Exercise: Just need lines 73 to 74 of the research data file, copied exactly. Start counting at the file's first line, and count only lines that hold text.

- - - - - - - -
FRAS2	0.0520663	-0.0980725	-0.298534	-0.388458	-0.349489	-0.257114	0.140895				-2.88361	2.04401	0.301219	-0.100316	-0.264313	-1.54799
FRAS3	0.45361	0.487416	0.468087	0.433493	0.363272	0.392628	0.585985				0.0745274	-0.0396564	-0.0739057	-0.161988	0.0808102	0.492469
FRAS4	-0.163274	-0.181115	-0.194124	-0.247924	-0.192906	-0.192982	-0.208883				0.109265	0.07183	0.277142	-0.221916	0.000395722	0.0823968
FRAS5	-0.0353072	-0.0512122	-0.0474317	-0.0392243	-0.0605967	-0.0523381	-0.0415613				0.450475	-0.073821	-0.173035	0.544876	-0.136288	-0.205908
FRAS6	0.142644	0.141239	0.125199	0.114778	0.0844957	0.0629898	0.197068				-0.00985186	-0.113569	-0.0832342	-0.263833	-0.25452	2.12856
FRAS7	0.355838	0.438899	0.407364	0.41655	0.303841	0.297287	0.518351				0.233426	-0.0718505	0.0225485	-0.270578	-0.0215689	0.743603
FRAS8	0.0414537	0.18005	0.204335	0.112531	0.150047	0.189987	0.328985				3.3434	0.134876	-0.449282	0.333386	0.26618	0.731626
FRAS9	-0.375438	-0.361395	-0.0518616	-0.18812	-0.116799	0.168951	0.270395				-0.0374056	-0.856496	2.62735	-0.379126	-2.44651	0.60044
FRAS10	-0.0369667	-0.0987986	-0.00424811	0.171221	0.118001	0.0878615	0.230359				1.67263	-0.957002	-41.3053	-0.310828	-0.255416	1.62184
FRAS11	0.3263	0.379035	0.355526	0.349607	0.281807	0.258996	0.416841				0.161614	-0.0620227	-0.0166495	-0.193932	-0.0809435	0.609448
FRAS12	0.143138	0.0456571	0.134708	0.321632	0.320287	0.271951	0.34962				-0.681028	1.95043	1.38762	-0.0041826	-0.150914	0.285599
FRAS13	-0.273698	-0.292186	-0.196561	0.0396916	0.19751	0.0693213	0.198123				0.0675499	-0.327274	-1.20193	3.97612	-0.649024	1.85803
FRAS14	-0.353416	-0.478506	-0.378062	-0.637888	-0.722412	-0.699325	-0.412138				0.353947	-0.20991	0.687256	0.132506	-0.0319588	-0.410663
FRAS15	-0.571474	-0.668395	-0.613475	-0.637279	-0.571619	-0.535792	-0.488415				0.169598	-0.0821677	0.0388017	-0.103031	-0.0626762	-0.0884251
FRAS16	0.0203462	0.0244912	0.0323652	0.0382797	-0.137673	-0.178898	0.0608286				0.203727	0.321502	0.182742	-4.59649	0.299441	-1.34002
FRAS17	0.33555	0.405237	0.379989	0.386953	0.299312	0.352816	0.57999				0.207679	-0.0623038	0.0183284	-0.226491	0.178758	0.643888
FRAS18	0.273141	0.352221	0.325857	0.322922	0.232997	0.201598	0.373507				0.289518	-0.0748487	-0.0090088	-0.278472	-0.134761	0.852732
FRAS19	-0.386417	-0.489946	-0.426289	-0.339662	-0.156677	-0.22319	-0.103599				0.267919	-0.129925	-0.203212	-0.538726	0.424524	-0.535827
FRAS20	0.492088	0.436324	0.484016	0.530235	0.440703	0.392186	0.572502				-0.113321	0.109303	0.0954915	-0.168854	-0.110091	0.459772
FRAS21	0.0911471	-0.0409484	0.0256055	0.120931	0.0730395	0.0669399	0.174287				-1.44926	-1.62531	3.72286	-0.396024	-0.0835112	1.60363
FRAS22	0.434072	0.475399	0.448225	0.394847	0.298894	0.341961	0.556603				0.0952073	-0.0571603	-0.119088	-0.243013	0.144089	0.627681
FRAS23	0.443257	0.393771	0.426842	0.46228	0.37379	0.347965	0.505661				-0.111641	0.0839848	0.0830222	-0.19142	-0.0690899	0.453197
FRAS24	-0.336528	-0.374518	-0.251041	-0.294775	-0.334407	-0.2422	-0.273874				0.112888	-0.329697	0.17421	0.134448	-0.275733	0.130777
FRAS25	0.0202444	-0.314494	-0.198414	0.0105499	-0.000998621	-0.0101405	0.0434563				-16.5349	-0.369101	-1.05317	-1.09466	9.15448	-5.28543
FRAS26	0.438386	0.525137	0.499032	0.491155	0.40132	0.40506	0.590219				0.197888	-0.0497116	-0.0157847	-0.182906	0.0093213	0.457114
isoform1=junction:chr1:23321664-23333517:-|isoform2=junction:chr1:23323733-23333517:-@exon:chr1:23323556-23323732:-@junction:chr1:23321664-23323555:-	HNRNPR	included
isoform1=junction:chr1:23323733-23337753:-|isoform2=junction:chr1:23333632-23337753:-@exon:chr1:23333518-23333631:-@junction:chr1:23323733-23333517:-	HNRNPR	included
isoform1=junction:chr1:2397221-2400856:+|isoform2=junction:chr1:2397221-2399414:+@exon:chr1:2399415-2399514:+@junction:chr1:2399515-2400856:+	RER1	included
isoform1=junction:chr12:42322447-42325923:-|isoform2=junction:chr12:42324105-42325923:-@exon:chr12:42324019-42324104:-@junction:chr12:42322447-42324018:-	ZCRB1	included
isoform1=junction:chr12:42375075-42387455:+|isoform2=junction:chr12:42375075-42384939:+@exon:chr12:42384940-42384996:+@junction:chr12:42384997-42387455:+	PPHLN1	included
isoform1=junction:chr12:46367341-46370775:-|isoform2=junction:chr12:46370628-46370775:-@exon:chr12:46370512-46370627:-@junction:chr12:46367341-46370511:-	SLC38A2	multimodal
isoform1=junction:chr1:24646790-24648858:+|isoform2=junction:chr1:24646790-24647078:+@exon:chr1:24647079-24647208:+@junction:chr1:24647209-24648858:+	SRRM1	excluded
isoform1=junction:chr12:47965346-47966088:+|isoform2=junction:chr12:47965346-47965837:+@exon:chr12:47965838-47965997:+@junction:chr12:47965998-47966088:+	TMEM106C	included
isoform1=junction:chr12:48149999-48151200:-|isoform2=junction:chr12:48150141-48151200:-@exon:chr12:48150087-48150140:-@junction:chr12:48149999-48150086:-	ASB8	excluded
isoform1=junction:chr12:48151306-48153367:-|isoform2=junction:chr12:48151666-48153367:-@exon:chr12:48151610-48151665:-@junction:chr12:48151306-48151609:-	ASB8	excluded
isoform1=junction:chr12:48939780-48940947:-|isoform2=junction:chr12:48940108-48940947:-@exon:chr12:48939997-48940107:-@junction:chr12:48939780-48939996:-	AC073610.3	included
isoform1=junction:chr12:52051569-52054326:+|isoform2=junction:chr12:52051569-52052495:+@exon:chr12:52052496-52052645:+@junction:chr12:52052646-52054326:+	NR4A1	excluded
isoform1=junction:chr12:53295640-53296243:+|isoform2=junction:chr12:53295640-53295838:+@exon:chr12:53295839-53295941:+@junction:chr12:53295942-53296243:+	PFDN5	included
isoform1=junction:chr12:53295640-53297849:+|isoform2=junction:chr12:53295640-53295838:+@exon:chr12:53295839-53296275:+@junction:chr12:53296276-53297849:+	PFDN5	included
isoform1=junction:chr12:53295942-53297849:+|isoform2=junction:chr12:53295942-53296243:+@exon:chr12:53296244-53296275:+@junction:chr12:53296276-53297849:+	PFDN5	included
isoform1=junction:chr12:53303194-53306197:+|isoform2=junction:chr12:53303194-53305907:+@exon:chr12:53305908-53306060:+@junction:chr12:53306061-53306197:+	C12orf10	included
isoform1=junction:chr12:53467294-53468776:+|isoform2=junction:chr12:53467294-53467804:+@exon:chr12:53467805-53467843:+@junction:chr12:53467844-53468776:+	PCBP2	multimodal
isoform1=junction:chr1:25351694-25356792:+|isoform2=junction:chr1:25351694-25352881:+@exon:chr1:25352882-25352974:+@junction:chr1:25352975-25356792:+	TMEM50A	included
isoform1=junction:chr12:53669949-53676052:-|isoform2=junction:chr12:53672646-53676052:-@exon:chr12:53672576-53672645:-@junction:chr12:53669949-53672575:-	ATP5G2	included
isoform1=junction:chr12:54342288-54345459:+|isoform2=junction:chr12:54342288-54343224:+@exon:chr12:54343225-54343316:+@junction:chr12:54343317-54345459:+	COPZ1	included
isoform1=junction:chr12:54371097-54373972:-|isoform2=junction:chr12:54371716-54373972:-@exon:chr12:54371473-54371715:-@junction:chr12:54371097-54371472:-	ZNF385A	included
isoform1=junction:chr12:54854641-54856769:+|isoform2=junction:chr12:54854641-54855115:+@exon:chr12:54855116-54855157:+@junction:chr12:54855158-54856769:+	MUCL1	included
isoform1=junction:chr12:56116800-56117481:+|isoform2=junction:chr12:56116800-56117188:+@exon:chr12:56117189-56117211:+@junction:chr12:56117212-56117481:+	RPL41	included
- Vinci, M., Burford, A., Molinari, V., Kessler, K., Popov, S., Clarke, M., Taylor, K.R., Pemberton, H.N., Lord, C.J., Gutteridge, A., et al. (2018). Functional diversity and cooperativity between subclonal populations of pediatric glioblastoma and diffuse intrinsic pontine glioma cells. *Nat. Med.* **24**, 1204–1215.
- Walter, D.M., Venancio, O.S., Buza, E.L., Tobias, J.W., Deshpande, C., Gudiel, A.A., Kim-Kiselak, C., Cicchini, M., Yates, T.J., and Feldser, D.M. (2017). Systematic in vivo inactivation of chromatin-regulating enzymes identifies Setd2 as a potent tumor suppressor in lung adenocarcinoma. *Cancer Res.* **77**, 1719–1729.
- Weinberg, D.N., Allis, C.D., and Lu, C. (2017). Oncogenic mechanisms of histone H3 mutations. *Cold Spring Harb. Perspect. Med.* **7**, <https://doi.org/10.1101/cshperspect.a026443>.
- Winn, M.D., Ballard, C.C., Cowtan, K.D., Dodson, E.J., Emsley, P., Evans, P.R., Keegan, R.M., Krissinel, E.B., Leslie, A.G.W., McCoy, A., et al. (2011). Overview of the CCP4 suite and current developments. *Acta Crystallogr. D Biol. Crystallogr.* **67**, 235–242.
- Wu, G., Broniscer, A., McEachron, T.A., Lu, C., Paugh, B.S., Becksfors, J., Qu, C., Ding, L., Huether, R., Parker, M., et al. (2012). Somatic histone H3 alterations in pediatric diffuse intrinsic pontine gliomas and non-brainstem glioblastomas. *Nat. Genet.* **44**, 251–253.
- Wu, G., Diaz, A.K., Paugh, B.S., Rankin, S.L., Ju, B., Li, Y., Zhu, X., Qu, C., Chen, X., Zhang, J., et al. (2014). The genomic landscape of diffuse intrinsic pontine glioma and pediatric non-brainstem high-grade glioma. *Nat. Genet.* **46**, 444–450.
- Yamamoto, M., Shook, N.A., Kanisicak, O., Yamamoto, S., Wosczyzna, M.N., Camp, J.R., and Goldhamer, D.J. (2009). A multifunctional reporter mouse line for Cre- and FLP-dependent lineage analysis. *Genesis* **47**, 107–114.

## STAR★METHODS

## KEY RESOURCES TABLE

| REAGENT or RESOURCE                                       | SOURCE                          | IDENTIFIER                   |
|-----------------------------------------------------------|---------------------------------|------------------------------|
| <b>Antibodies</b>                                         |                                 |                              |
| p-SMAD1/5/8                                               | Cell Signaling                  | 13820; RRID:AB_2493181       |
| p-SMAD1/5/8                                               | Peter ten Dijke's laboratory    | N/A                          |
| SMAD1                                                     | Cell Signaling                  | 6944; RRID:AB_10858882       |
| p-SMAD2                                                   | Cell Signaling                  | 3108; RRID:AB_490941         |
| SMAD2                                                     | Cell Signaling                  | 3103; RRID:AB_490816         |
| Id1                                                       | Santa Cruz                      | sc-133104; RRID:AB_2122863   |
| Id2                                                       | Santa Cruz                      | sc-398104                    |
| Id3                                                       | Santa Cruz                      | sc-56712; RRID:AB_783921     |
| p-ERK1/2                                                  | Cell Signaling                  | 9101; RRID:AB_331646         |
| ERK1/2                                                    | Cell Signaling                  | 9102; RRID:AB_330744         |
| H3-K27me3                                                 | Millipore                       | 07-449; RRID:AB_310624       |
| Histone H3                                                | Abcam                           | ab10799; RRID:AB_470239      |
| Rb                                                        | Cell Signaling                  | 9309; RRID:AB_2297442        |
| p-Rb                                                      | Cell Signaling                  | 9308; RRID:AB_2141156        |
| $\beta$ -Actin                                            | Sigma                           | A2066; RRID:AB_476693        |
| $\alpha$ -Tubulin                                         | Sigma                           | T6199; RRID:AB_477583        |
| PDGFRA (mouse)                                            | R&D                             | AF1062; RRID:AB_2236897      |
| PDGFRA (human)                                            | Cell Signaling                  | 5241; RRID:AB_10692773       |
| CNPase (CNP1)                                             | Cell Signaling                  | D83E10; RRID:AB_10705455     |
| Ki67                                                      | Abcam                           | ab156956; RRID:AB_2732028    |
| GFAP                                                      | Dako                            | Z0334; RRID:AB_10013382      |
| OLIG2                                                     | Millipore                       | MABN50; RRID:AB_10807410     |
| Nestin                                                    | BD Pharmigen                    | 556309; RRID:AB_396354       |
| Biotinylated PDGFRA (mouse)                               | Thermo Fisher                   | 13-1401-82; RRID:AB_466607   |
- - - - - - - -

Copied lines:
| Rb                                                        | Cell Signaling                  | 9309; RRID:AB_2297442        |
| p-Rb                                                      | Cell Signaling                  | 9308; RRID:AB_2141156        |